1. Melt chocolate in a double boiler (Or one small pot over one larger pot with boiling water).
2. As it melts, add a dash of hot pepper and about one teaspoon cinnamon.
3. Allow to cook a few seconds and taste. Adjust flavor to your palate. Remember, hot peppers can be very hot, so use sparingly. Same goes for cinnamon. Better too little than too much, since you can always add more.

Cinnamon Hearts (cookies)

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Cinnamon Crisps


2 cups baking flour*
1/4 cup unsweetened applesauce
1/4 cup macadamia oil or oil of your choice
1 T. cinnamon powder
1 t. ginger powder
1 t. baking powder (non-aluminum)
1/4 cup powdered fructose
1/8 c. flaxseed meal (optional)
1/2cup unsweetened juice, boiled
Extra oil, flour, and fructose


1. Preheat oven to 375 degrees. Oil two cookie sheets.
2. In a small bowl, mix oil and applesauce. (Applesauce helps cut back the amount of fat in the cookies.)
3. In a larger bowl, mix all the dry ingredients except the extra fructose, and flour. Then pour wet items into larger bowl and mix thoroughly, so that you have a pebbly texture.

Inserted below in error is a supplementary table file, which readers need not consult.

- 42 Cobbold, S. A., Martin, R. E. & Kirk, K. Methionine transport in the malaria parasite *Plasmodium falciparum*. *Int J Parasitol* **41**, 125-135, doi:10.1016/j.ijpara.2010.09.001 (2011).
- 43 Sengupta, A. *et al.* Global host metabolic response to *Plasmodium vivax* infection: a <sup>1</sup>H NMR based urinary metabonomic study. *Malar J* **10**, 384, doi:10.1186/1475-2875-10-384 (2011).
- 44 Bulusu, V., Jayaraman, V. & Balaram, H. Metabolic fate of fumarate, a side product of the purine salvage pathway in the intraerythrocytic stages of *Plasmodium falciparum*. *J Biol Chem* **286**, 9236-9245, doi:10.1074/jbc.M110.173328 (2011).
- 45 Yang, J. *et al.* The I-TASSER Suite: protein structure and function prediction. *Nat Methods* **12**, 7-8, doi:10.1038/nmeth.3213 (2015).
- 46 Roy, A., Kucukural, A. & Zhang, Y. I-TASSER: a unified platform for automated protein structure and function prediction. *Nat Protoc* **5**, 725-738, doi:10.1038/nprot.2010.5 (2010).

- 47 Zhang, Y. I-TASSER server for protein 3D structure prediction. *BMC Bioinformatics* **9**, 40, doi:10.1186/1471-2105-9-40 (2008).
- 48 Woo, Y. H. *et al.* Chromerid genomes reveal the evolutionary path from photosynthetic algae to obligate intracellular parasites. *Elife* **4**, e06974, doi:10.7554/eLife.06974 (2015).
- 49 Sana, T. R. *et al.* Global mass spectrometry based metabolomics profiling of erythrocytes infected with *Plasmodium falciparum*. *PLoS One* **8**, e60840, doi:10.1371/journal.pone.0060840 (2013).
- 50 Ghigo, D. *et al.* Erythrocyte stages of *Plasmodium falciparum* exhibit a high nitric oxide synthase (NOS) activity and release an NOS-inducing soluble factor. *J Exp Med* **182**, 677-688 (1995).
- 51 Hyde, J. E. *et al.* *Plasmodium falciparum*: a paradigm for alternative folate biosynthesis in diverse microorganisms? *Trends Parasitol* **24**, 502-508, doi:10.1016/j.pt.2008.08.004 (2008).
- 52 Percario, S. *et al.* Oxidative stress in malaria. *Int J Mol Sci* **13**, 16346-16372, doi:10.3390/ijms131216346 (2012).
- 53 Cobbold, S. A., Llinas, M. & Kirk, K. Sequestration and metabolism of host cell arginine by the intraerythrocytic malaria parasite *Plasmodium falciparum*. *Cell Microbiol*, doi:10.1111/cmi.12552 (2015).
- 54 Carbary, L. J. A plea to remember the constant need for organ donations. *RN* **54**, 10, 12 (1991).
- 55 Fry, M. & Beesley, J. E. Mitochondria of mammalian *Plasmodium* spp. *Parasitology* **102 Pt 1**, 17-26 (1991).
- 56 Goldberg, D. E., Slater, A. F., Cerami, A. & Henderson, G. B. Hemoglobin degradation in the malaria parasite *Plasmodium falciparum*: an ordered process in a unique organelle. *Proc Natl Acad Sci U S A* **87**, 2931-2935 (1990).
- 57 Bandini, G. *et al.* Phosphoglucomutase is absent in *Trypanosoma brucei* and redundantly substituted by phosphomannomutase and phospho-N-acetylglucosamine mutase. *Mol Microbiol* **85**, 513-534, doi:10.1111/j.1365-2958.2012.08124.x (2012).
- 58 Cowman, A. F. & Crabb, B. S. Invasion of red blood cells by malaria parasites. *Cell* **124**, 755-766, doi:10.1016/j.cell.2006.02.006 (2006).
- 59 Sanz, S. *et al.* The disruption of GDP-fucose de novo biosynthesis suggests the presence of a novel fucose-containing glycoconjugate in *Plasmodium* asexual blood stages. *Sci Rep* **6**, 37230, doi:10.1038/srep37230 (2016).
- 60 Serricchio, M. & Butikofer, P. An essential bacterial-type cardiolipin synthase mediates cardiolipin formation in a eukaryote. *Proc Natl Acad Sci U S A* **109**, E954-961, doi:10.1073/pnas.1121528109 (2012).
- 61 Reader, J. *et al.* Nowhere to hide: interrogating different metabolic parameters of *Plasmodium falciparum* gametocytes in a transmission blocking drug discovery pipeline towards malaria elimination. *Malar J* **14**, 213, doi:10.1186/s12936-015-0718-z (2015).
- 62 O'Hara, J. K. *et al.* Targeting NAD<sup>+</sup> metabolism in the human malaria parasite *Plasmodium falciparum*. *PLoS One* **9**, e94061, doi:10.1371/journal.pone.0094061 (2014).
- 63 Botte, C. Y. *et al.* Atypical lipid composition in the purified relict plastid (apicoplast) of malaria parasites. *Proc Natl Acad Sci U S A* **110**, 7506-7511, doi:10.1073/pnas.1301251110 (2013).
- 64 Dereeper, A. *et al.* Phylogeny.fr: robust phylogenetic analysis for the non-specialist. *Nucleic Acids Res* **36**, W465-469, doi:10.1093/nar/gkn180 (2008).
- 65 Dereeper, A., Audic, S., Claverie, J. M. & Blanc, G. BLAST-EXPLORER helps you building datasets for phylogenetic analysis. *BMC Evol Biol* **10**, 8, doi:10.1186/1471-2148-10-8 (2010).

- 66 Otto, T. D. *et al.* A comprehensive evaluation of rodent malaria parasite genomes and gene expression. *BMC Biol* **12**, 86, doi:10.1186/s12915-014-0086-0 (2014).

4. Slowly add hot juice until flour mixture begins to pull away from the bowl. The dough will be wetter than piecrust but drier than drop cookie dough.
5. Flour your work surface; take half the mixture and roll the dough about 1/2″ thick.
6. Use a cookie cutter to cut out cookies and place on a slightly oiled cookie sheet pan.
7. Bake at 375 degrees for about 15 minutes, or until the cookies begin to look crisp around the edges.
8. Remove from oven and while still warm, sprinkle on some additional fructose for a sweeter cookie. (Without this, they are more like biscuits, not cookies.)

Note: My heart cookie cutters are about 3 inches across, so my yield was less than 2 dozen. Smaller cookie cutters should give you at least 2 dozen cookies.